Not All Votes Are Equal


Not All Votes Are Equal

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Klaus Linsenmeier and Andrew Eberle

The United States has one of the world’s oldest continuously used democratic systems. The system of government was designed in a much different time. No wonder that the electoral process here has a number of features that are difficult to understand within the modern world of democratic governance. One of these is our Electoral College.

Electoral College

The President of the United States is not chosen through direct election. Rather elections are held in the states, each of which then selects a number of “electors” to cast votes in the Electoral College. The number of electors that each state is allowed to send to the Electoral College is equal to the total number of Senators and Representatives that the state has in Congress. It is a complicated system, but one that has endured for hundreds of years.

Initially this system was preferred for a number of reasons. Small states preferred it, because it gave them increased influence on the selection of the President. As each state was allocated two Senators and at least one Representative, the smallest states would have three votes in the Electoral College. Meanwhile, a state of double the population would only have 25% more electors (as it would be given one additional Representative) – rather than under a popular vote system where it would be given 100% more votes for President. Furthermore, Southern States preferred this system because it allowed them greater clout. Under the “Three-Fifths Compromise,” enslaved people (primarily in the South) were to be each counted as 3/5ths of a person for the purposes of allocating members of the House of Representatives (and therefore also the number of presidential Electors). While slaves were never given the right to vote – and therefore would have had no influence in a popular vote system – the increase in Electoral College votes that the Constitution gave to slave states gave the free populations of those states greater influence than they otherwise would have had. There were also claims that difficulties in travel could make it hard for the average voter to know much about the candidates.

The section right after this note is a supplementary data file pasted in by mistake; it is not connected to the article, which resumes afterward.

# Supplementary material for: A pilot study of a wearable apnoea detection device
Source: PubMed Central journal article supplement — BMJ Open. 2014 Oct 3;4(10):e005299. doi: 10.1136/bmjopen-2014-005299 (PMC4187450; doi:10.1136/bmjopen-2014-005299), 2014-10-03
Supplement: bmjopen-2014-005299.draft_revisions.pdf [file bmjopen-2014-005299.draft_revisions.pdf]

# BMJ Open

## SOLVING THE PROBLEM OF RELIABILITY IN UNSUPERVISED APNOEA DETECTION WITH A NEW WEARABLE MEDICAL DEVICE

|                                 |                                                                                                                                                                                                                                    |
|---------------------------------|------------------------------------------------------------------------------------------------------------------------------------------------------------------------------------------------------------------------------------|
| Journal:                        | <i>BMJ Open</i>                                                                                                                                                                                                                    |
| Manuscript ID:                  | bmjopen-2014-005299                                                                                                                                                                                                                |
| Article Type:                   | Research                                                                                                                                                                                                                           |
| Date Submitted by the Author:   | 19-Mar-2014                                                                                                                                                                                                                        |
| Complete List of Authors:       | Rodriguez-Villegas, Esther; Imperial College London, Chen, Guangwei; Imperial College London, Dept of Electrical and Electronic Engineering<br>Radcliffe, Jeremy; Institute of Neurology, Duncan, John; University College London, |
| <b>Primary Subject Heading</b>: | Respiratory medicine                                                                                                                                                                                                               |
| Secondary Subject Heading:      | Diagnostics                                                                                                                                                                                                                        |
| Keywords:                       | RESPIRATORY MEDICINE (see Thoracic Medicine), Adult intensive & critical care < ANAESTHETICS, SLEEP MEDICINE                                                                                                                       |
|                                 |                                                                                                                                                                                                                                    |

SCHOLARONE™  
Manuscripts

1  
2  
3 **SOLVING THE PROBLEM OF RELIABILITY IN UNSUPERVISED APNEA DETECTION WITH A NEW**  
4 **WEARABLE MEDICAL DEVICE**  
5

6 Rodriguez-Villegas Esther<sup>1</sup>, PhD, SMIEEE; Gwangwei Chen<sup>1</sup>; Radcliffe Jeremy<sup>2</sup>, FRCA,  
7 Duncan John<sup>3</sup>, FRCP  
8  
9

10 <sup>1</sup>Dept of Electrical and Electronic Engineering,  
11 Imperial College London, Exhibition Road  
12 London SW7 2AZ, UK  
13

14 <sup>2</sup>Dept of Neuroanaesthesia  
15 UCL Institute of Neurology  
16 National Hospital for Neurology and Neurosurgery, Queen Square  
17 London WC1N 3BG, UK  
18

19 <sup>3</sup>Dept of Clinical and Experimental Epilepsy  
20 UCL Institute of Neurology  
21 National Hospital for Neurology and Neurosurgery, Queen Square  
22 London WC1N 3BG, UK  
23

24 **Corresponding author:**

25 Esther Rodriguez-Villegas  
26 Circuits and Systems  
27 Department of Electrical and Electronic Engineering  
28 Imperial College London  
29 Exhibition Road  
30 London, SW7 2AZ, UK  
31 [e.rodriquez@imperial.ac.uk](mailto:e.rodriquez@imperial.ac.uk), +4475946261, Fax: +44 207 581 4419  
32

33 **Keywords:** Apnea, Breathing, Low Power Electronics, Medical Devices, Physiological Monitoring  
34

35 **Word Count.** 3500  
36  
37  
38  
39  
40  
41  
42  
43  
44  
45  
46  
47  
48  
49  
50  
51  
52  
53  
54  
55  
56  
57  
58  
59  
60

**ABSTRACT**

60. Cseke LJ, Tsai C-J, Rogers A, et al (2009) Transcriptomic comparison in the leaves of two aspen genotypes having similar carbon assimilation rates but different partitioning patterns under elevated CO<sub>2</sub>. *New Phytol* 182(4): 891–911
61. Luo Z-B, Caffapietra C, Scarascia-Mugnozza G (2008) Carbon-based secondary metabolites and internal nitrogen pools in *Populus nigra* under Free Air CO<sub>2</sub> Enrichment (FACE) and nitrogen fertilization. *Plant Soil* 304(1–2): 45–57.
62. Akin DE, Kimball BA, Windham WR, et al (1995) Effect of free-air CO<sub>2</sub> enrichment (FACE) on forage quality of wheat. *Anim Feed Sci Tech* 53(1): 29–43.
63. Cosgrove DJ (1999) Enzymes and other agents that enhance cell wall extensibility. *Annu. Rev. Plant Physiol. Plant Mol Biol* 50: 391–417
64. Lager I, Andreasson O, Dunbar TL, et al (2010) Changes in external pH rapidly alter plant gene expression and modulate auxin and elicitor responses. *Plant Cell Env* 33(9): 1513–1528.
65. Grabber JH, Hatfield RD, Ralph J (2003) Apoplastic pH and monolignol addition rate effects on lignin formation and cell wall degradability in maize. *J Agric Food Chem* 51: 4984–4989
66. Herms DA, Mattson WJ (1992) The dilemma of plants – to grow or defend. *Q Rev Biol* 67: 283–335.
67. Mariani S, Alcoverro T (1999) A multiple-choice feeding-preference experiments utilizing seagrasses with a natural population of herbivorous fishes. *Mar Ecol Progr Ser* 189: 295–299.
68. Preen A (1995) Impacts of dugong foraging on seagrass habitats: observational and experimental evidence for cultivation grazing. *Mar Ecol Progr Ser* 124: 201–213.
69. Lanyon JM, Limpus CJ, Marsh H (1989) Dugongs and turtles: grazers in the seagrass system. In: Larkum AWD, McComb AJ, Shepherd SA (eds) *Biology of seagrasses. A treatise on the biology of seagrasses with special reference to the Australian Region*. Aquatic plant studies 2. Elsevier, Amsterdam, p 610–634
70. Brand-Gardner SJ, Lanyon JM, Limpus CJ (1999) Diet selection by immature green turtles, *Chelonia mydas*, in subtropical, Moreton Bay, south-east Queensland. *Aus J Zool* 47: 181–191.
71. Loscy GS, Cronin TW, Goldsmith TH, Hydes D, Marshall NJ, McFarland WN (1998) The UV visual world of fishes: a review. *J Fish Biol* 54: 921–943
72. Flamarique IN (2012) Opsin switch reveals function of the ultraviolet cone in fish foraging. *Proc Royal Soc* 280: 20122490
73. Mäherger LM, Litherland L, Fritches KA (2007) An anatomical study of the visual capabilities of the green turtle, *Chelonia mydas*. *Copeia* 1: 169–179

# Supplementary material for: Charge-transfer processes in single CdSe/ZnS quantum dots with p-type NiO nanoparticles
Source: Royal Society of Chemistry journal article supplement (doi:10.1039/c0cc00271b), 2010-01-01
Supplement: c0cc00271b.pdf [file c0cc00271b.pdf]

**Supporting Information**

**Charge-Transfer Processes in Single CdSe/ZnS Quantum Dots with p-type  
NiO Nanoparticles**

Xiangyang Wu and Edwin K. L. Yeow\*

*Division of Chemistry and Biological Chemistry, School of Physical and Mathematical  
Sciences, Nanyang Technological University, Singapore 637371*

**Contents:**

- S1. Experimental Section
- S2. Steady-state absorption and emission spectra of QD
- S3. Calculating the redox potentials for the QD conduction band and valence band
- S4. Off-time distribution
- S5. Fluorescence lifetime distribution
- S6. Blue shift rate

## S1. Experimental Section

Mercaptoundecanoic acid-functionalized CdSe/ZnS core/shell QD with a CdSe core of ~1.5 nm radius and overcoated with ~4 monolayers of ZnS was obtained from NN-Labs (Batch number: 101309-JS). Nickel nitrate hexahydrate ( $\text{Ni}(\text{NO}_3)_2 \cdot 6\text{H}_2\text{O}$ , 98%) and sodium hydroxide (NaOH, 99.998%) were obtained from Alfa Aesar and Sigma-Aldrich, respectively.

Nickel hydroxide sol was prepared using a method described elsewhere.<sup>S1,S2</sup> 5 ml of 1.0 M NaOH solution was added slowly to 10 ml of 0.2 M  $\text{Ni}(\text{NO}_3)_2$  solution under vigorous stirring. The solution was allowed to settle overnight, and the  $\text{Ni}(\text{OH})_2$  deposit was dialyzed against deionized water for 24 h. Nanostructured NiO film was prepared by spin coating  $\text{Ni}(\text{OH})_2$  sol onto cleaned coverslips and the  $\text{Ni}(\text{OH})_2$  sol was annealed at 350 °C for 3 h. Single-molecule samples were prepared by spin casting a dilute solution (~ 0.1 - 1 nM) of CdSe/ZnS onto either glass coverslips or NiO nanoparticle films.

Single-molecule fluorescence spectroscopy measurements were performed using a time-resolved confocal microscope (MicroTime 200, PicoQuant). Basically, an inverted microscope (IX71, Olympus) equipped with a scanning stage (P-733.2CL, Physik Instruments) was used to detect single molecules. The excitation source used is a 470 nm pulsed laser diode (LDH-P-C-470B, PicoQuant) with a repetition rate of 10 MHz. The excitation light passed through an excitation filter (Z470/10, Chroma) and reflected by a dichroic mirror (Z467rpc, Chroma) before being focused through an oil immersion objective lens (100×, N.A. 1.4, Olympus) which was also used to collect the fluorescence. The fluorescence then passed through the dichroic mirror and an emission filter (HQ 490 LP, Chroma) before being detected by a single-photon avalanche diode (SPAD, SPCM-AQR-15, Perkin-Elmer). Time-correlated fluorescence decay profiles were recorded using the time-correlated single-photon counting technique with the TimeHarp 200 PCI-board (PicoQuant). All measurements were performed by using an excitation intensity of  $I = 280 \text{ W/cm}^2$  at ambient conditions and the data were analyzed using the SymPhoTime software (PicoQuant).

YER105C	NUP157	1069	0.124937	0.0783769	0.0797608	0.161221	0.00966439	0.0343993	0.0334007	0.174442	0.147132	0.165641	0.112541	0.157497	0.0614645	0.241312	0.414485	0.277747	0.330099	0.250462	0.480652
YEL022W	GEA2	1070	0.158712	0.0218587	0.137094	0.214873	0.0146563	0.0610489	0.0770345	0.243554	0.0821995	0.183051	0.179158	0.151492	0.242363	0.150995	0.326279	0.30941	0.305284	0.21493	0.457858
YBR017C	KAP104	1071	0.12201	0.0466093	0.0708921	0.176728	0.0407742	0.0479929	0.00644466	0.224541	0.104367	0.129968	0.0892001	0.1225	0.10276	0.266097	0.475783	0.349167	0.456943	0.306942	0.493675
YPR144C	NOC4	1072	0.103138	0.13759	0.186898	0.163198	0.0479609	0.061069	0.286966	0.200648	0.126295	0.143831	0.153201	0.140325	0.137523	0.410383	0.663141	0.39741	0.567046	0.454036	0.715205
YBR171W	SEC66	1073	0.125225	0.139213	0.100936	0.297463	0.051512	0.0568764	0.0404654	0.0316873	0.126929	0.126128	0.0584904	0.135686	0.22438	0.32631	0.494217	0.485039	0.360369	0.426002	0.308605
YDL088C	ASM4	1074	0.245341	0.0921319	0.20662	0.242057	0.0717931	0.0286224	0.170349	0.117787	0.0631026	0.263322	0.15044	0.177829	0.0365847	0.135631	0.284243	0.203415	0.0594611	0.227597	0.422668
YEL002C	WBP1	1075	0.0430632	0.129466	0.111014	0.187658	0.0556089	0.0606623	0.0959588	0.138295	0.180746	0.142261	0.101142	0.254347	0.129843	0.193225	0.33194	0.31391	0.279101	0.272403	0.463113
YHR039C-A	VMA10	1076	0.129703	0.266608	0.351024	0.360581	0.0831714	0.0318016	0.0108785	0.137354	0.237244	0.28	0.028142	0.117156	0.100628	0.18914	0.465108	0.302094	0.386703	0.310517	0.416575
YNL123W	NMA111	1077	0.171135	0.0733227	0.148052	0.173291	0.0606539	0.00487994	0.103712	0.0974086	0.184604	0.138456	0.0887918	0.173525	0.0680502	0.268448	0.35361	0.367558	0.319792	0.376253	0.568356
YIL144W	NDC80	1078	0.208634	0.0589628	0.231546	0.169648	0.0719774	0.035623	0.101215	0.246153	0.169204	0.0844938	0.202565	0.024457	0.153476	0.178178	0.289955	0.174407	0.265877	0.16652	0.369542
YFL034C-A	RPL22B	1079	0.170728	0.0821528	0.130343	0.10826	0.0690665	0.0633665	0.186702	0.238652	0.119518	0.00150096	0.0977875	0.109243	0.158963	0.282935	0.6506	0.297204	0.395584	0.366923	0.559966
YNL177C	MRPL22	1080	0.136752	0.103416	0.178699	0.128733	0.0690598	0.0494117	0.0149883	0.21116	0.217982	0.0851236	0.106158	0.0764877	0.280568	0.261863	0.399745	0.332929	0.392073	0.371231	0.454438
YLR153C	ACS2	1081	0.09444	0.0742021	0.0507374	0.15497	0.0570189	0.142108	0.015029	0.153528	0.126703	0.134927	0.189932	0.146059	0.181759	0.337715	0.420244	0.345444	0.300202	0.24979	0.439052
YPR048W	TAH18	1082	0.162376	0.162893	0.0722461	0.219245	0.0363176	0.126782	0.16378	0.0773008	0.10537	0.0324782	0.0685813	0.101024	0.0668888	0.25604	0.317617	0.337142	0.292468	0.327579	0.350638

Slavery was abolished nearly 150 years ago, and now we live in an age of instant communication and constant campaigning. It would take a great deal of effort for a voter to avoid any knowledge of the candidates for office. It seems that the only remaining justification for the Electoral College is to increase the influence of small states, in other words to make some voters’ ballots more valuable to candidates than others’. This seems to violate a tenet of our democratic system; “one person, one vote” would have a much different meaning if we understood that some votes were more valuable than others.

Winner Takes All!

In all but two states (Maine & Nebraska), the winner of the state vote receives 100% of the Electors from that state. It does not matter if the candidate won by one votes or one million votes, they get every vote in the Electoral College, while their opponent gets none. This makes it possible that the candidate with a majority of Electors did not receive the support of a majority of voters. This would be accomplished by winning a number of states by very slim margins, while losing some states by large landslides.

Due to apportionment giving unequal representation to less populated states, and the winner-takes-all principle at play in 48 of the states (and in the District of Columbia), there have been a number of instances where the winner of the most votes was not the recipient of the most Electors. Most recently this took place in 2000, when Al Gore won nearly 550,000 more votes nationwide than George W. Bush did, though Bush received five more Electors than Gore. In 2004 we came close to a repeat of this scenario, when a swing in Ohio of less than 60,000 votes (approximately 1% of those cast) to John Kerry would have sent him to the White House with a lead of five Electors, regardless of the fact that George W. Bush would still have lead the nationwide popular vote by nearly 3 million. Prior to 2000, there were two other instances of candidates winning the Electoral College while losing the popular vote: in 1876 Rutherford B. Hayes beat Samuel Tilden 185-184 in the Electoral College, though Tilden won the popular vote by more than 3%; in 1888 Grover Cleveland won the popular vote, Benjamin Harrison won more Electors: 233-168.

Lots of Noise, but Little Competition